I see too many players when they practice not have any rhyme or reason for what they do. They willy nilly take shots and slowly get their rebound and shot again, and again and again.
Have a plan for each practice session. If you are working on dribbling make sure to have 5 or so drills that you can do at full speed. If you notice you are a weaker shooter from a certain spot on the court then work on it! If you need to work on passing and vision, then work on not telegraphing your passes.
Alright guys, one of the most popular things I get asked about is how to improve your vertical jump in the hopes of being able to dunk. The truth is that we all want to be like our NBA heroes who seem to defy gravity as they levitate through the air with ease. Don’t you want to do that? Well, I know I do.
While you may want to dunk, not all of us can or will. There are several players in the NBA who can’t dunk right now, so dunking is not a must have skill to play at the highest level. At the same time having as high of a vertical jump as you possibly can help your game tremendously as you’ll be able to get more shots off over the extended arms of defenders.
Whether you can touch the rim and want to take your vertical to the next level so you can dunk, or if you just want a better vertical to improve your game the answer may lie in the Vert Shock Program.
Vert Shock is a vertical jumping program that was created by Adam Folker, a former division I collegiate basketball player who now plays professional basketball overseas. The focus of the Vert Shock program is to use plyometric workouts at 100% explosive effort to build your fast twitch muscles fibers and optimize your central nervous system for jumping.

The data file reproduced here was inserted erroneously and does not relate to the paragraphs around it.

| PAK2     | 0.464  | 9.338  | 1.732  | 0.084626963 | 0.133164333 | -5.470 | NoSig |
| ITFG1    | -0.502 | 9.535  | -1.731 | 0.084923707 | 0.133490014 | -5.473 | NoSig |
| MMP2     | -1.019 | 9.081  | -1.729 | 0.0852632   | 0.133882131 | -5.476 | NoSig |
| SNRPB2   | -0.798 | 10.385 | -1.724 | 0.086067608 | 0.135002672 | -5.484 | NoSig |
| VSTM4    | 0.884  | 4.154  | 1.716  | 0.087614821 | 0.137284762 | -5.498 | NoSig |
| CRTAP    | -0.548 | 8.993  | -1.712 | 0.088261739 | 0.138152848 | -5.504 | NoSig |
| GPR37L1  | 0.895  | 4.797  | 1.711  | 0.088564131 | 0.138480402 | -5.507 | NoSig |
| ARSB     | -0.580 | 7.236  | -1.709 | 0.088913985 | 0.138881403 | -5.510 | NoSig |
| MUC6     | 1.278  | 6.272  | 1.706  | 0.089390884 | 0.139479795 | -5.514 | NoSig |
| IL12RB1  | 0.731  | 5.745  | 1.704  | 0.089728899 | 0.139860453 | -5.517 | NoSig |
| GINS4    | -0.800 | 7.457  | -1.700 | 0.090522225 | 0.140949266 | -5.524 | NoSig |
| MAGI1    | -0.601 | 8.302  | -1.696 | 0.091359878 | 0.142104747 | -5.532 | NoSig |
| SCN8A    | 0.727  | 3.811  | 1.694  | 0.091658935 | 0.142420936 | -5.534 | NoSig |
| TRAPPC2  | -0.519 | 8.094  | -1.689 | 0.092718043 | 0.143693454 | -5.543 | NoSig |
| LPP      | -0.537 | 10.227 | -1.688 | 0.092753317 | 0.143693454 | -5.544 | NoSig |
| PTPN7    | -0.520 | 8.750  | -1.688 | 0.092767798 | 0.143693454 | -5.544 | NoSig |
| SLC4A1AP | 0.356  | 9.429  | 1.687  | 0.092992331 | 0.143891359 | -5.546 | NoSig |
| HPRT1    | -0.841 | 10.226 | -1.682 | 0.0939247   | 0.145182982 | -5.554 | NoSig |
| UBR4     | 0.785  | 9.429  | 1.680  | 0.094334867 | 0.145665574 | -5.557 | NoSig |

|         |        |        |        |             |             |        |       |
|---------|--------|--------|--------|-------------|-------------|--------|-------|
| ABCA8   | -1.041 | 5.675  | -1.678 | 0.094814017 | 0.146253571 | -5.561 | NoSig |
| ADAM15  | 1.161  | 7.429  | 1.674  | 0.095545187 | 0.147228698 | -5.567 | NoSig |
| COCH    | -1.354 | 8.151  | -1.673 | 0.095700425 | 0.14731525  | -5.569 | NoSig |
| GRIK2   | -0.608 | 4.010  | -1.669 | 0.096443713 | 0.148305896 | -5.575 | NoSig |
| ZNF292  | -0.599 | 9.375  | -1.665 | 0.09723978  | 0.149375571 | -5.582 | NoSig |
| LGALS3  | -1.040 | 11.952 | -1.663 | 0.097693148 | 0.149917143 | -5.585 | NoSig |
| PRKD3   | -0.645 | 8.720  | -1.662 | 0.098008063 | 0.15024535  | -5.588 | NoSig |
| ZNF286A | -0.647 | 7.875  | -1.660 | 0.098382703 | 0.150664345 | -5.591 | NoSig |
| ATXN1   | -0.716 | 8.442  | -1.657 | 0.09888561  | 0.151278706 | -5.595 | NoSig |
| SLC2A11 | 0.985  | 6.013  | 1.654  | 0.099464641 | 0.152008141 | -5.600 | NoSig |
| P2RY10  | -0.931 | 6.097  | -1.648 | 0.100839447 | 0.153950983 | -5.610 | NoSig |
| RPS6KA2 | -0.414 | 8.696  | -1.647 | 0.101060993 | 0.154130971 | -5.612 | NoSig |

What is nice about the workouts in Vert Shock is that they can be done within the comfort of your home and do not require you go to a gym. What is most important is that you do the workouts faithfully and totally commit to the 8 week long program.
There are plenty of testimonials on YouTube that show the positive results that users of the Vert Shock program have achieved. While I’m always a bit weary of testimonials in general, I think you’ll find that the majority of these testimonials for Vert Shock appear authentic.
Here is one in particular that I feel is genuine.
You can definitely tell it is the same guy. While there is no way to be 100% sure he wasn’t dogging it on the first part of video it does look like he was giving full effort.
As I mentioned previously, Vert Shock was created by Adam Folker as a way for anyone to improve their vertical jumping ability by up to 9 to 15 inches. Within the program there are three main sections: Pre-Shock, Shock, and Post-Shock. Each of these phases has a specific goal and purpose all of which are designed to help you reach your vertical jumping goals.